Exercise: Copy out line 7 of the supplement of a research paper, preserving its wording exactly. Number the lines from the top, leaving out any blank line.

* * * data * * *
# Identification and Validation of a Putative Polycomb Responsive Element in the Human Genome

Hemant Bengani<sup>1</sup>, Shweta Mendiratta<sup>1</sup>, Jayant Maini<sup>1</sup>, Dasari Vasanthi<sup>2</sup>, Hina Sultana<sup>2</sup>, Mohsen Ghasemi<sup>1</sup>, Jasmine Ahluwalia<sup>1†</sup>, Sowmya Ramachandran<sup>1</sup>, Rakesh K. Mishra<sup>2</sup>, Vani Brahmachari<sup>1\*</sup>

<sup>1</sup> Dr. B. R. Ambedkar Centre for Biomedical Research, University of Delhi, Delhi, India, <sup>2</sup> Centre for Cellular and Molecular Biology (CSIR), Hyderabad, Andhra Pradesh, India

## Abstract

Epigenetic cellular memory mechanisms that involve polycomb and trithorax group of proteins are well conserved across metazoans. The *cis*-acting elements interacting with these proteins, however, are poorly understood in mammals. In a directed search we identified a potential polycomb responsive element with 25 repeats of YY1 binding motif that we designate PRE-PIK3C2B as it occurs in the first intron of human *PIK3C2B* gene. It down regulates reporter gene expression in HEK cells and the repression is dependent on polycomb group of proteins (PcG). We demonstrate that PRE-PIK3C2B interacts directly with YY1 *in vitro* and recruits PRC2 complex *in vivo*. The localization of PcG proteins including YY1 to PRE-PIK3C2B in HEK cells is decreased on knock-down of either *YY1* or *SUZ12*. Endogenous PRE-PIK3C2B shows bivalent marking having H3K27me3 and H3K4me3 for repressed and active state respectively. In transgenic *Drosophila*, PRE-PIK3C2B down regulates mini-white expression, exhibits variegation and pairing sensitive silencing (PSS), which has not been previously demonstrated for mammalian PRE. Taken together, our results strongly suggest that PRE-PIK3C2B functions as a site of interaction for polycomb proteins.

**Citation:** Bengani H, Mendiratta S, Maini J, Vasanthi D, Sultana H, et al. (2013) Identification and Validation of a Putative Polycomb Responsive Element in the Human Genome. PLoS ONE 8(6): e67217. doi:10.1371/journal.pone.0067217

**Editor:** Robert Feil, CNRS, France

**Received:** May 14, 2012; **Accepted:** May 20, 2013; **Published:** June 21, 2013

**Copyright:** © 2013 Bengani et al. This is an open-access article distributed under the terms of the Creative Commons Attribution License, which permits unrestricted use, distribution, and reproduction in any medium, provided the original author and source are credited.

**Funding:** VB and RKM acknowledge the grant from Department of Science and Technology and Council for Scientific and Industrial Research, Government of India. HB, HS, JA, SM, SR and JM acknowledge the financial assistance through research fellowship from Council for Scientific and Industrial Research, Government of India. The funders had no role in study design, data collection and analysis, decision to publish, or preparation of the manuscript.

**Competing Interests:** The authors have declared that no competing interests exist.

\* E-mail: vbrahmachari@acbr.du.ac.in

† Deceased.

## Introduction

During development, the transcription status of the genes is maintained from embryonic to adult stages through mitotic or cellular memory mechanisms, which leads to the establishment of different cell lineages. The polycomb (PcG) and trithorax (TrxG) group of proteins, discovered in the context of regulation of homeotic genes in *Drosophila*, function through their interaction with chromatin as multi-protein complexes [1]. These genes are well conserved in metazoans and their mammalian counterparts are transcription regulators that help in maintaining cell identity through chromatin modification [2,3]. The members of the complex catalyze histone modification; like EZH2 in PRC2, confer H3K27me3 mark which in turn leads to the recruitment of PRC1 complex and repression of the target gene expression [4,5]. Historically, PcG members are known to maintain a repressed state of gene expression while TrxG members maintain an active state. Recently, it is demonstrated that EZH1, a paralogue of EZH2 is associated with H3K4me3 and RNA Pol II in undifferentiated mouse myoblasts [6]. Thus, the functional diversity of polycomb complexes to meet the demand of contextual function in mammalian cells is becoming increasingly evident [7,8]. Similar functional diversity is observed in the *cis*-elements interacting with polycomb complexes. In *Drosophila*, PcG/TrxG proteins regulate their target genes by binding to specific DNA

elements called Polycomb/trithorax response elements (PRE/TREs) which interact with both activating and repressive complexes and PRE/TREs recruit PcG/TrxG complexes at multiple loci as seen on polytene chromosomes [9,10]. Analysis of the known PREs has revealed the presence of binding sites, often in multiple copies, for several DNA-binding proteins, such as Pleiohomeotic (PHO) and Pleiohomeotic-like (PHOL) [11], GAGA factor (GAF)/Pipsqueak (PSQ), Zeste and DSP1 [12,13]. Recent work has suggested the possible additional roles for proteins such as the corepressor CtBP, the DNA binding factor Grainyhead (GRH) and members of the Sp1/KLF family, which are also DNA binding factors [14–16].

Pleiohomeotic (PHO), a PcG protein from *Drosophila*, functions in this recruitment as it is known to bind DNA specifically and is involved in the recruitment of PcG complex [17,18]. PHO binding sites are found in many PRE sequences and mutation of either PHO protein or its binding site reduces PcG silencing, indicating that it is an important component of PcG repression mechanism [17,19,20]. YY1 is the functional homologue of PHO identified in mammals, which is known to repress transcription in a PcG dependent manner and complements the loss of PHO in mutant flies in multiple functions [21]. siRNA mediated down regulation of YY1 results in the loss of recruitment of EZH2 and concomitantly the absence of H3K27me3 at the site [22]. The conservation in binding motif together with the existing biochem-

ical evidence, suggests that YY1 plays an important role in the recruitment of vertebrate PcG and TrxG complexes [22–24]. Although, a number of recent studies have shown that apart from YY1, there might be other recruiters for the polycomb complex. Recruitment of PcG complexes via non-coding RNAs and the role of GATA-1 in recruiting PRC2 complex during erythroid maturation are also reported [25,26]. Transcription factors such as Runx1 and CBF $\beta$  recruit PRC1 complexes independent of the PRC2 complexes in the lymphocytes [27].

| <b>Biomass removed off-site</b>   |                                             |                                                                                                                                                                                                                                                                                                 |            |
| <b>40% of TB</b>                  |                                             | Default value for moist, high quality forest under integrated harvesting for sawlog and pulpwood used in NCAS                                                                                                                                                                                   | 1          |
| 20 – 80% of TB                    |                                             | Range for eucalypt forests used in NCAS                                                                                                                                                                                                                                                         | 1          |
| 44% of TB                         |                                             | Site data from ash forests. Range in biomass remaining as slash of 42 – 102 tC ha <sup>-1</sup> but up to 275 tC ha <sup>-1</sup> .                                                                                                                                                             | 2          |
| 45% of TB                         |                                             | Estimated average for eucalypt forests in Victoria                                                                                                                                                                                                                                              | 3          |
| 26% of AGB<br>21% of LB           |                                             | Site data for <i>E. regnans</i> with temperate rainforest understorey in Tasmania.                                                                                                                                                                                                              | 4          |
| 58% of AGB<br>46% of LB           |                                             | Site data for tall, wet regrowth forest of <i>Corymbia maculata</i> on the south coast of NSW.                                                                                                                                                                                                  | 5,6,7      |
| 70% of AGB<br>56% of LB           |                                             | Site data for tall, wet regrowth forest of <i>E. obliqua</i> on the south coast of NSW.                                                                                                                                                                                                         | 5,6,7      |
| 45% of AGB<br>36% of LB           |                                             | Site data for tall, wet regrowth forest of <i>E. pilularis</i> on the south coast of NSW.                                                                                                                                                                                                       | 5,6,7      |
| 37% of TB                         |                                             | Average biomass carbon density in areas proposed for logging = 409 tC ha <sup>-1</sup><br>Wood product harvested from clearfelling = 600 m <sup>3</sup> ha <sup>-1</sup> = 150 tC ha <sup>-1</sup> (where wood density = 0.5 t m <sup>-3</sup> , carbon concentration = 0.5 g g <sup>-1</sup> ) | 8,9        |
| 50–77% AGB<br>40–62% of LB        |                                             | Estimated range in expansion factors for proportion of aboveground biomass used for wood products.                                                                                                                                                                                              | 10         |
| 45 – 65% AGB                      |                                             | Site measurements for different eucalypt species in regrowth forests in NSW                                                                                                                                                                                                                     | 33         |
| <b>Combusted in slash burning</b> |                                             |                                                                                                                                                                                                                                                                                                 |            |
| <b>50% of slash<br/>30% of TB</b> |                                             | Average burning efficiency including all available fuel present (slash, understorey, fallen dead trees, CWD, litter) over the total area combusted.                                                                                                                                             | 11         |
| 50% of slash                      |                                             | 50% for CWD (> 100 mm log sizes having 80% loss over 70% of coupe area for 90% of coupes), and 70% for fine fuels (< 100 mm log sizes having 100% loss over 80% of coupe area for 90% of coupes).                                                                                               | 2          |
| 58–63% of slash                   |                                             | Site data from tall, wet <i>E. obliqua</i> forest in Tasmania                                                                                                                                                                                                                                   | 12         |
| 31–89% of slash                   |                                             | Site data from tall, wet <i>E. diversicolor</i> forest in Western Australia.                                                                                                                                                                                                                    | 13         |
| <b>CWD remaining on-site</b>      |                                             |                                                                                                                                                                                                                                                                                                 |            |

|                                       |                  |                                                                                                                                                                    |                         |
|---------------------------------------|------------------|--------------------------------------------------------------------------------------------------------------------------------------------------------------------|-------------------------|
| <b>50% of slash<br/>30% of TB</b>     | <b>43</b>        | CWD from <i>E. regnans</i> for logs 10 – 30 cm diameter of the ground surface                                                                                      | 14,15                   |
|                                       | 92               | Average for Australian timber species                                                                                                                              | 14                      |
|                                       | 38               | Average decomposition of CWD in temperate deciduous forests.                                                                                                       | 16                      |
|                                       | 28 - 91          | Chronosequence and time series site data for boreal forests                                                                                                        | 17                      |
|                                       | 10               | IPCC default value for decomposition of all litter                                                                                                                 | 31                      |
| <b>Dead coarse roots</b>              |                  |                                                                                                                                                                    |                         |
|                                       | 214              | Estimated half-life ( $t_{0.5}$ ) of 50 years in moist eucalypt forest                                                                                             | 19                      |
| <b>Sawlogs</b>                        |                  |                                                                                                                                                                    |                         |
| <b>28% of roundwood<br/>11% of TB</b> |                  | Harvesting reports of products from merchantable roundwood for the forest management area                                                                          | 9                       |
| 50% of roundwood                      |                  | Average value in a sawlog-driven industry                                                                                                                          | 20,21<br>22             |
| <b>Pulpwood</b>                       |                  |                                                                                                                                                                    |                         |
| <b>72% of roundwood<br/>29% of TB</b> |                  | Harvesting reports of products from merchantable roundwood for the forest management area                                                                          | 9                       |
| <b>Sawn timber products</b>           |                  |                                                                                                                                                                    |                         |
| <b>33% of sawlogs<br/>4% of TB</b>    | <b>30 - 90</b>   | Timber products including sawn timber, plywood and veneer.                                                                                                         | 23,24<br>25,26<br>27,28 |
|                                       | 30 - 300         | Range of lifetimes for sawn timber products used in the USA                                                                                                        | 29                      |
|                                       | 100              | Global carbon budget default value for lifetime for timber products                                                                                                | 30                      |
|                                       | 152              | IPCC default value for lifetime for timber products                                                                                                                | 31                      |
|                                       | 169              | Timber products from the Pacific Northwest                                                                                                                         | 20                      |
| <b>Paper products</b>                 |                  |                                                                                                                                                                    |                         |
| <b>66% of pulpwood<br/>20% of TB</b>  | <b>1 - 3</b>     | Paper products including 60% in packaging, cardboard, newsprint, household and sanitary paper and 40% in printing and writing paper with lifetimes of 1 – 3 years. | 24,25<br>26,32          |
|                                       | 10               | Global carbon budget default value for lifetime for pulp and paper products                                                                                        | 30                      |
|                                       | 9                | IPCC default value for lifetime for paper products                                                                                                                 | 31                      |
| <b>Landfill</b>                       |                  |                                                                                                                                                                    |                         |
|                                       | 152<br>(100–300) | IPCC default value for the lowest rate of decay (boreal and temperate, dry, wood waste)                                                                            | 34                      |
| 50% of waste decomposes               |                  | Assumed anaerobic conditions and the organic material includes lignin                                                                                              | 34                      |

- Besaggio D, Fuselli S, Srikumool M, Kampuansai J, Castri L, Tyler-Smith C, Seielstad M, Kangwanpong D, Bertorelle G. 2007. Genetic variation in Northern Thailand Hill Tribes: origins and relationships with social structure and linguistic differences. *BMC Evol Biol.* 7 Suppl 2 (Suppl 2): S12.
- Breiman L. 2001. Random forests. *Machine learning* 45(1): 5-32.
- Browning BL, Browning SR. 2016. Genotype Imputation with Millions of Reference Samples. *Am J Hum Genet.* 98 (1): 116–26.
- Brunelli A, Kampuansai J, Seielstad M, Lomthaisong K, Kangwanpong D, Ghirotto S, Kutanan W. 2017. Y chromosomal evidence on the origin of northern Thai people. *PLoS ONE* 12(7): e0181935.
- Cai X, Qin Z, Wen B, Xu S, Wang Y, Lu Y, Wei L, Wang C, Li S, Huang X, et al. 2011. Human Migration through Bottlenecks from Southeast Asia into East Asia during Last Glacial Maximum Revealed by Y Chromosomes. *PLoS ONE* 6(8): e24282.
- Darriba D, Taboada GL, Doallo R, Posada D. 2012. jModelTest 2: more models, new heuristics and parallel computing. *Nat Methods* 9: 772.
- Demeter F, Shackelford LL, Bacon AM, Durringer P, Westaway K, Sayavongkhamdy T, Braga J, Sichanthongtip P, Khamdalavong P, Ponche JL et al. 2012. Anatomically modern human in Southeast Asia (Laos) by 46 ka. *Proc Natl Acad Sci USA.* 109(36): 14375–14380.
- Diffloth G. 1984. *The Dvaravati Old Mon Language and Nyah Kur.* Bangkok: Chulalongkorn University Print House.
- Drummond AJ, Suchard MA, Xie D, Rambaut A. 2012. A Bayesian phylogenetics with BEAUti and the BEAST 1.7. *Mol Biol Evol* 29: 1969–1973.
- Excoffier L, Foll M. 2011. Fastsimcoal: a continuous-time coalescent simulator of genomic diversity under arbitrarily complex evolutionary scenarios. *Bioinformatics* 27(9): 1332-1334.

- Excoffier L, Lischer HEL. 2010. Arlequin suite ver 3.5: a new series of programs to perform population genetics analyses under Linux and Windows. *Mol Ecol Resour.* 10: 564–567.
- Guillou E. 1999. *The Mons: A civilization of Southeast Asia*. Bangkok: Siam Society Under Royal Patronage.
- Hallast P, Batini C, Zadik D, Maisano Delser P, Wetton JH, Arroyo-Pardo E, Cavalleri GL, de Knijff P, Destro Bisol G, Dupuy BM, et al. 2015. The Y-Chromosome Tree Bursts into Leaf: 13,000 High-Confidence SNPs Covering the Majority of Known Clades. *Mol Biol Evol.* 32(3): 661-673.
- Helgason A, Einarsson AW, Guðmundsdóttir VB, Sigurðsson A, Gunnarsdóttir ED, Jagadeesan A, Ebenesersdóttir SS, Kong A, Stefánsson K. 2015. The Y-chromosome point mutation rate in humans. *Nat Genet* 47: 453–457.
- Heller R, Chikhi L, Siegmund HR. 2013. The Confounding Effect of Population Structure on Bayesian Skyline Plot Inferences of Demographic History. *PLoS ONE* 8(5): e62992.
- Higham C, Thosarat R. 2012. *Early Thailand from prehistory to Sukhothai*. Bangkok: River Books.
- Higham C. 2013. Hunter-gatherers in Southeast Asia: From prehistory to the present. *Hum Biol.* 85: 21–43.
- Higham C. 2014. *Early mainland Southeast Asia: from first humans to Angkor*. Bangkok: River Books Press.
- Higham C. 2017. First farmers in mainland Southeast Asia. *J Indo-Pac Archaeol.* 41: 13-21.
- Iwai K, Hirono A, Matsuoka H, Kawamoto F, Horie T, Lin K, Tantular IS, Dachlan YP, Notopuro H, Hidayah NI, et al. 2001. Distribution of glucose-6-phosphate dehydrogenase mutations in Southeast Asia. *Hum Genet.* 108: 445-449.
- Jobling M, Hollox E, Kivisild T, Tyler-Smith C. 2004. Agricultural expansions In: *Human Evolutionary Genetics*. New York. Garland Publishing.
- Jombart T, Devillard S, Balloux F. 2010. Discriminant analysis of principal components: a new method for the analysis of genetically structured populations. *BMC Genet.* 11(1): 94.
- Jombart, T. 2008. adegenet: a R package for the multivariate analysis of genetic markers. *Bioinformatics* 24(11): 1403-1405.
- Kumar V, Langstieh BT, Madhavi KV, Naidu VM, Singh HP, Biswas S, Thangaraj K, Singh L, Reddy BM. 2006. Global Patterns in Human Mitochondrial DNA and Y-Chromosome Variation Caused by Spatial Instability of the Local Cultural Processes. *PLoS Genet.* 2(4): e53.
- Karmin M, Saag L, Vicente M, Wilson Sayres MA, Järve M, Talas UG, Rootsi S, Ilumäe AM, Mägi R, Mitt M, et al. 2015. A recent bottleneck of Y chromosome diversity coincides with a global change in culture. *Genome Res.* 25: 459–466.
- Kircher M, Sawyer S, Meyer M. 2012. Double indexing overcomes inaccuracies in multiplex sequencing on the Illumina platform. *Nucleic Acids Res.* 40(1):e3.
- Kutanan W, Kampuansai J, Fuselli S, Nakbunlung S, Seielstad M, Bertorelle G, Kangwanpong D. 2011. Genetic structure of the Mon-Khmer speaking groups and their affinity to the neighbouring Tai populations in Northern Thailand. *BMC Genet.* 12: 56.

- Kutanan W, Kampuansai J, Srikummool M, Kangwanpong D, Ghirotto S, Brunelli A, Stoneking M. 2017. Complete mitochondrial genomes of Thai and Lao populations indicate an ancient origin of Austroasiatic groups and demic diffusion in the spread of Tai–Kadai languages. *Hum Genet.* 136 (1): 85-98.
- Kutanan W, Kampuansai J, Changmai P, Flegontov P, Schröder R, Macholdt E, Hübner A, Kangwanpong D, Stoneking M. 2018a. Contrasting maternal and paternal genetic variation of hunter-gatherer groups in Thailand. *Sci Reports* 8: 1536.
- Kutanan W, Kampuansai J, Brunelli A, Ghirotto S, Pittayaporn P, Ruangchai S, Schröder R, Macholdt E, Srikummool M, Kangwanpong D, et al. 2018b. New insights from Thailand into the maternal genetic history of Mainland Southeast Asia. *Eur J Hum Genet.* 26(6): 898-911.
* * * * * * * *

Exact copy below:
**Editor:** Robert Feil, CNRS, France